AmazonCrossing is Amazon’s new venture into translating world literature into English. An interview with Jeff Belle, the head of Amazon Crossing suggests that this is a genuine attempt to rectify the imbalance in translations (far more books are translated from English than into English). No doubt there are also strong commercial motives for setting up AmazonCrossing, but anything which brings more translations into the English language is to be welcomed.
The first major success of AmazonCrossing was Oliver Pötzsch’s Hangman’s Daughter and they have followed this with a new book in the same series, The Beggar King which is available in either paperback or Kindle editions.
Oliver Pötzsch is a descendant of one of Bavaria’s leading dynasties of executioners and so has an interest in basing his series of historical novels on the hangman of Schongau, Jacob Kuisl, and his daughter Magdalena. The book opens with a short prologue set in 1662 during the 30 years war which gives readers a glimpse of what rape and pillaging meant for a peaceful rural community. It is worth noting the names of those involved for they will feature 25 years later in the book we are about to read.
Jakob Kuisil leaves his home-town of Schonburg to travel to the regional centre of Regensburg where his sister is reportedly dying of cancer. Back in Schonburg, Jakob’s daughter Magdalena has troubles of her own. Her boyfriend Simon is a partially-qualified medical doctor and between the two of them they have uncovered corruption in the home of a city dignitary who has poisoned one of his maids who he made pregnant. When Magdalena’s home is attacked and burnt in retribution for their discovery, the two lovers decide to follow Magdalena’s father to Regensburg to try to make a new life for themselves, not knowing that they are going to get embroiled in a much bigger scandal behind the heavily guarded walls of the city.
Both towns are situated in Bavaria on the River Danube and but it is hard to relate the beautiful towns of today with the squalor and filth found there in the 17th century and depicted so vividly in this book! Oliver Pötzsch shows every sign of being an expert on the life of the times and one strong point of the book is its description of communal life in 1662. We learn much about the commercial and civic affairs of the town and I would imagine that Oliver Pötzsch’s increasingly successful books could start a new tourist boom in Regensburg (it is already a world heritage site).
Oliver Pötzsch is a very fine story-teller. The book moves along at a fast pace, swapping back and forth between Jakob and Magdalena’s stories as they get more deeply involved in the crimes and conflicts of the city. When Jakob arrives in Regensburg he finds that his sister and her husband have been deeply implicated in a criminal conspiracy, but it quickly become apparent that this is a set-up and as Jakob begins to untangle the complex mysteries surrounding his sister he finds himself becoming a target for some very vicious people.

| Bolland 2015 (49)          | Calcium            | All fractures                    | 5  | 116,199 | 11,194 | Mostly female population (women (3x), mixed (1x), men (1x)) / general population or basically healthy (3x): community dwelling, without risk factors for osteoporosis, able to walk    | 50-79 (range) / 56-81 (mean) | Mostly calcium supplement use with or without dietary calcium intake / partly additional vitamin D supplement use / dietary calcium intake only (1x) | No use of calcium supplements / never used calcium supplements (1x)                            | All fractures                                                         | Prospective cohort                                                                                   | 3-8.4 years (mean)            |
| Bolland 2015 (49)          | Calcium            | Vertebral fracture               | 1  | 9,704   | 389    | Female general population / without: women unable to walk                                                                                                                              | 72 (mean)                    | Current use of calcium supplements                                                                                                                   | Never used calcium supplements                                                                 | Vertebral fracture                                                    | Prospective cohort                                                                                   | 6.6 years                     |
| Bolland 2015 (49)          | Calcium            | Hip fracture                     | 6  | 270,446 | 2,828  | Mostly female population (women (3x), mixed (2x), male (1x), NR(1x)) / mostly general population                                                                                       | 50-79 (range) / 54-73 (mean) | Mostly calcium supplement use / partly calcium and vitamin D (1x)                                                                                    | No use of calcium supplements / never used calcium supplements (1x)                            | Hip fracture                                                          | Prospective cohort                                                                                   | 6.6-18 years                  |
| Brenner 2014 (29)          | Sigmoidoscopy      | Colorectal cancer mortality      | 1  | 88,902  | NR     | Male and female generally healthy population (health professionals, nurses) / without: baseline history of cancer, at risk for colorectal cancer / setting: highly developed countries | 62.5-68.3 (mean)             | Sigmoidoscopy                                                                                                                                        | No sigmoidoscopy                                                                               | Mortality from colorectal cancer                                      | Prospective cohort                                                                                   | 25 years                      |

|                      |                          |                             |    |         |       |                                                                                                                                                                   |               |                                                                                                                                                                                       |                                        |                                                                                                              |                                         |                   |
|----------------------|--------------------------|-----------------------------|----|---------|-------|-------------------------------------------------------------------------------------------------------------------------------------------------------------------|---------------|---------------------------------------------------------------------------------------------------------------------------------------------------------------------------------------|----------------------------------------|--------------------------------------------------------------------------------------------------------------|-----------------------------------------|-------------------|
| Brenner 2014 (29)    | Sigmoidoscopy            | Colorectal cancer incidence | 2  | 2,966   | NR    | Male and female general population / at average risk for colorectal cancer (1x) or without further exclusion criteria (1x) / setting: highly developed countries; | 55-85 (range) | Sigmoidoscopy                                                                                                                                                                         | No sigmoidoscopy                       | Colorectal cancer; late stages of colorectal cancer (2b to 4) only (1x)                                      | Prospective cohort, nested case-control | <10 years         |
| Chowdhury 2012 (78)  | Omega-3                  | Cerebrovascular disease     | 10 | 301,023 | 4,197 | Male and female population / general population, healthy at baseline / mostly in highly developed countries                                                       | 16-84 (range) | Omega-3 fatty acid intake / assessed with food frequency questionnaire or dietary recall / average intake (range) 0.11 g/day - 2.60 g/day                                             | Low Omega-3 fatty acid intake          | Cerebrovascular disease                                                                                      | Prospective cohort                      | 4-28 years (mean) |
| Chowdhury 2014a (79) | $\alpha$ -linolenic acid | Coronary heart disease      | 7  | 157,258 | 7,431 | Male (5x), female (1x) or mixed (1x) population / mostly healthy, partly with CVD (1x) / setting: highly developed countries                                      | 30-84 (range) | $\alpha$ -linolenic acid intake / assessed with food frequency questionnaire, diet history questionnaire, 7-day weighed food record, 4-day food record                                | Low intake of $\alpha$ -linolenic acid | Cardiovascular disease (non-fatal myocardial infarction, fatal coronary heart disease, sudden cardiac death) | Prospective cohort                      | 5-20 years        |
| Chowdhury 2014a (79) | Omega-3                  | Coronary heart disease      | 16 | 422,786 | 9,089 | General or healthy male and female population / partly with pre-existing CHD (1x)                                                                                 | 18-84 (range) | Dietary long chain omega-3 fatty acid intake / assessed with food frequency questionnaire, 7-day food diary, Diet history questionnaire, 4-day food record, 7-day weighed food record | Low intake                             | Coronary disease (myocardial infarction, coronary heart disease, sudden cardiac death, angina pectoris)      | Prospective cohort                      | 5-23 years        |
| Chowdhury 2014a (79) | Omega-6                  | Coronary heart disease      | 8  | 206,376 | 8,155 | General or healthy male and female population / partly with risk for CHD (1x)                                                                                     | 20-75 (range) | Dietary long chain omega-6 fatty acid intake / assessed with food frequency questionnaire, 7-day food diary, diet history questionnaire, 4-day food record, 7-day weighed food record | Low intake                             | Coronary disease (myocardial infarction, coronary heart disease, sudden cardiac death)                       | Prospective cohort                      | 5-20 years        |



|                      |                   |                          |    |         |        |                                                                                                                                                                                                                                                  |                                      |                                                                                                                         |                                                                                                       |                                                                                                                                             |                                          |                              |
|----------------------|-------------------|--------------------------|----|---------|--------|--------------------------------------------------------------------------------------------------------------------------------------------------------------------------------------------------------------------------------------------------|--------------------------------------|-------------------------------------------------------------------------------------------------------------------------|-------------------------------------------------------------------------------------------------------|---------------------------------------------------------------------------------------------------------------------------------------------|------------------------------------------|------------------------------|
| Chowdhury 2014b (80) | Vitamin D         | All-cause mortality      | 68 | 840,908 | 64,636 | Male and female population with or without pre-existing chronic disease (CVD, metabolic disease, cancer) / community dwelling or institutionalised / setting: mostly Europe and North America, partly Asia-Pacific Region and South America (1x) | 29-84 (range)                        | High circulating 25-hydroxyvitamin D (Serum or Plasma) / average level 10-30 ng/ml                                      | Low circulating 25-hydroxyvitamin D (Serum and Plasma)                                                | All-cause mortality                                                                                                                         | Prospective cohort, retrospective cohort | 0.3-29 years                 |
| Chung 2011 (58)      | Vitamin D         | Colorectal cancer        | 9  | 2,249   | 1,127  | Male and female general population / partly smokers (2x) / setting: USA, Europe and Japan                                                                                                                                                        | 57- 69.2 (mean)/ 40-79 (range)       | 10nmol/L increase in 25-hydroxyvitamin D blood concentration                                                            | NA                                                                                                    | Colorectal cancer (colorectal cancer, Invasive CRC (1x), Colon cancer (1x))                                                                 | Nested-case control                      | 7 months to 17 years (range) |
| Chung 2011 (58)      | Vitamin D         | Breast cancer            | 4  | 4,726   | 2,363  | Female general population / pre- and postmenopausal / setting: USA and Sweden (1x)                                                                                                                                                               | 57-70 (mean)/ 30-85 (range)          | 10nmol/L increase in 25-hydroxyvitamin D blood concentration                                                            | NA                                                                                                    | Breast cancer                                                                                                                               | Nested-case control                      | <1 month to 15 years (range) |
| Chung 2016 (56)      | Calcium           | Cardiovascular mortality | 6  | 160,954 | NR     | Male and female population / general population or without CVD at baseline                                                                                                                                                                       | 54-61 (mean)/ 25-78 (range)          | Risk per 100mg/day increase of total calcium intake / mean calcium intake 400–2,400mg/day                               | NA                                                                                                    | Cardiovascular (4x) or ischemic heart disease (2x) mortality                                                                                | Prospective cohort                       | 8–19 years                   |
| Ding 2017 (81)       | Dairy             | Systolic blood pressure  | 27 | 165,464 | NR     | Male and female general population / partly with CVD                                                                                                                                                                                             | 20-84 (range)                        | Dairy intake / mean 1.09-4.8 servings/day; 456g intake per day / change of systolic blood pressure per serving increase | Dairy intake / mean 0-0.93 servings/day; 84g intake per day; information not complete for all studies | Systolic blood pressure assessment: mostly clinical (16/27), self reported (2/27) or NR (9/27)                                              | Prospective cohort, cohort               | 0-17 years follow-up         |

Magdalena and her boyfriend Simon have difficulties of their own having arrived in the city with no visible means of support. As they search for Jakob they also attract the attention of the conspirators and become fugitives living among the beggars in the stinking cellars and passages of derelict houses.
Apart from the gripping (if rather unbelievable) story contained in this book, for me the pleasure in reading was Pötzsch’s wonderful evocation of life in Regensburg. We learn so much about the various industries of the city, whether rafting on the Danube or brewing and baking within the city walls. When his scenes are set in inns I could almost sense the smells and noise as I read about the disgusting food being served to the customers. I gained a powerful impression of what it must be like to live without main drainage or medical services, and when Simon is asked to treat the diseases of some of the beggars in return for their assistance in finding Jakob, we get a catalogue of ailments which have long been expunged from modern western life.
We read much about Jakob’s job as an executioner and doubtless this is based on Pötzsch’s impeccable research. The executioner was not only responsible for terminating the lives of assorted criminals, but was also responsible for the sanitation of the town. When Jakob falls into the hands of the Regensburg executioner later in the book he learns what it is like to be on the receiving end of a 16th century interrogation in which confessions were obtained by a wide variety of gruesome means (sensitive readers may wish to skim over these passages).
I don’t usually enjoy historical novels but have to admit that this one gripped me from the start and kept me turning the pages and I hardly noticed its substantial length (512 pages). It is rather too sensational, but I found myself so swept up in the flow of events that I was able to leave my occasional incredulity at the door. I am pleased that AmazonCrossing took Oliver Pötzsch on board and I expect he will become as well-known in the UK as he is in Germany as a result.